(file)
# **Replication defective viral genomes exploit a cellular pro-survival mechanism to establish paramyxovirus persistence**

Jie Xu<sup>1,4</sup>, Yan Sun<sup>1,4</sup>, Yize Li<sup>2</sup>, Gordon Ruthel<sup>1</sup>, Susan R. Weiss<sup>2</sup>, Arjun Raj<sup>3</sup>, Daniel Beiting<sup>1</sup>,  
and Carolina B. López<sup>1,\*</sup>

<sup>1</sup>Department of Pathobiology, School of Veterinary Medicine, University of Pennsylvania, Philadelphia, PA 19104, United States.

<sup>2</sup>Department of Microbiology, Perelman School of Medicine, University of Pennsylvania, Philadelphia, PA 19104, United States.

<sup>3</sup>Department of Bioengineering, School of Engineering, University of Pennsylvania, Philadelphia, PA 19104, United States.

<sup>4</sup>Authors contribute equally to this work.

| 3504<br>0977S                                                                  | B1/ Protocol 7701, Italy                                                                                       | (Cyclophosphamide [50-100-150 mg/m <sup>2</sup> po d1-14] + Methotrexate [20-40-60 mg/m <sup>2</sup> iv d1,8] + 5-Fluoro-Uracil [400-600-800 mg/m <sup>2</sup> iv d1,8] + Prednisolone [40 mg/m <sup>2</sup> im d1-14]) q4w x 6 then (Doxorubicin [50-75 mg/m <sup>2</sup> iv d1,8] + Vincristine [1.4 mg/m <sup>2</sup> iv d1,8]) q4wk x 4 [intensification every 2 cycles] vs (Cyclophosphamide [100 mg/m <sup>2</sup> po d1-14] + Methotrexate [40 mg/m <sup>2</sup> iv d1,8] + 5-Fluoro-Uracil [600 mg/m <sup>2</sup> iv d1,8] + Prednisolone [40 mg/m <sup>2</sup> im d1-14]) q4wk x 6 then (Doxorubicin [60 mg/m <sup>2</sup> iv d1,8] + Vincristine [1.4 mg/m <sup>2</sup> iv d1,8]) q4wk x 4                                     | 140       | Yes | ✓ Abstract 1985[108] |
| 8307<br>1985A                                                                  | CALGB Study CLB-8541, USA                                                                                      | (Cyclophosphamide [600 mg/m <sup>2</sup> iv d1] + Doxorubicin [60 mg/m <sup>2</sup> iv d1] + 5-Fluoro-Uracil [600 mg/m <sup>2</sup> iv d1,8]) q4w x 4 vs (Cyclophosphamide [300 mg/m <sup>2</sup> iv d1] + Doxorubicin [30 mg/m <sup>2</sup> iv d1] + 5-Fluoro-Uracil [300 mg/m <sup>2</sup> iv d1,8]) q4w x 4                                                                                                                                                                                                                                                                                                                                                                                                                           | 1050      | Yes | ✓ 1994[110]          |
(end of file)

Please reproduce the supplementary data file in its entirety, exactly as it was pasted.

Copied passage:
# **Replication defective viral genomes exploit a cellular pro-survival mechanism to establish paramyxovirus persistence**

Jie Xu<sup>1,4</sup>, Yan Sun<sup>1,4</sup>, Yize Li<sup>2</sup>, Gordon Ruthel<sup>1</sup>, Susan R. Weiss<sup>2</sup>, Arjun Raj<sup>3</sup>, Daniel Beiting<sup>1</sup>,  
and Carolina B. López<sup>1,\*</sup>

<sup>1</sup>Department of Pathobiology, School of Veterinary Medicine, University of Pennsylvania, Philadelphia, PA 19104, United States.

<sup>2</sup>Department of Microbiology, Perelman School of Medicine, University of Pennsylvania, Philadelphia, PA 19104, United States.

<sup>3</sup>Department of Bioengineering, School of Engineering, University of Pennsylvania, Philadelphia, PA 19104, United States.

<sup>4</sup>Authors contribute equally to this work.

| 3504<br>0977S                                                                  | B1/ Protocol 7701, Italy                                                                                       | (Cyclophosphamide [50-100-150 mg/m <sup>2</sup> po d1-14] + Methotrexate [20-40-60 mg/m <sup>2</sup> iv d1,8] + 5-Fluoro-Uracil [400-600-800 mg/m <sup>2</sup> iv d1,8] + Prednisolone [40 mg/m <sup>2</sup> im d1-14]) q4w x 6 then (Doxorubicin [50-75 mg/m <sup>2</sup> iv d1,8] + Vincristine [1.4 mg/m <sup>2</sup> iv d1,8]) q4wk x 4 [intensification every 2 cycles] vs (Cyclophosphamide [100 mg/m <sup>2</sup> po d1-14] + Methotrexate [40 mg/m <sup>2</sup> iv d1,8] + 5-Fluoro-Uracil [600 mg/m <sup>2</sup> iv d1,8] + Prednisolone [40 mg/m <sup>2</sup> im d1-14]) q4wk x 6 then (Doxorubicin [60 mg/m <sup>2</sup> iv d1,8] + Vincristine [1.4 mg/m <sup>2</sup> iv d1,8]) q4wk x 4                                     | 140       | Yes | ✓ Abstract 1985[108] |
| 8307<br>1985A                                                                  | CALGB Study CLB-8541, USA                                                                                      | (Cyclophosphamide [600 mg/m <sup>2</sup> iv d1] + Doxorubicin [60 mg/m <sup>2</sup> iv d1] + 5-Fluoro-Uracil [600 mg/m <sup>2</sup> iv d1,8]) q4w x 4 vs (Cyclophosphamide [300 mg/m <sup>2</sup> iv d1] + Doxorubicin [30 mg/m <sup>2</sup> iv d1] + 5-Fluoro-Uracil [300 mg/m <sup>2</sup> iv d1,8]) q4w x 4                                                                                                                                                                                                                                                                                                                                                                                                                           | 1050      | Yes | ✓ 1994[110]          |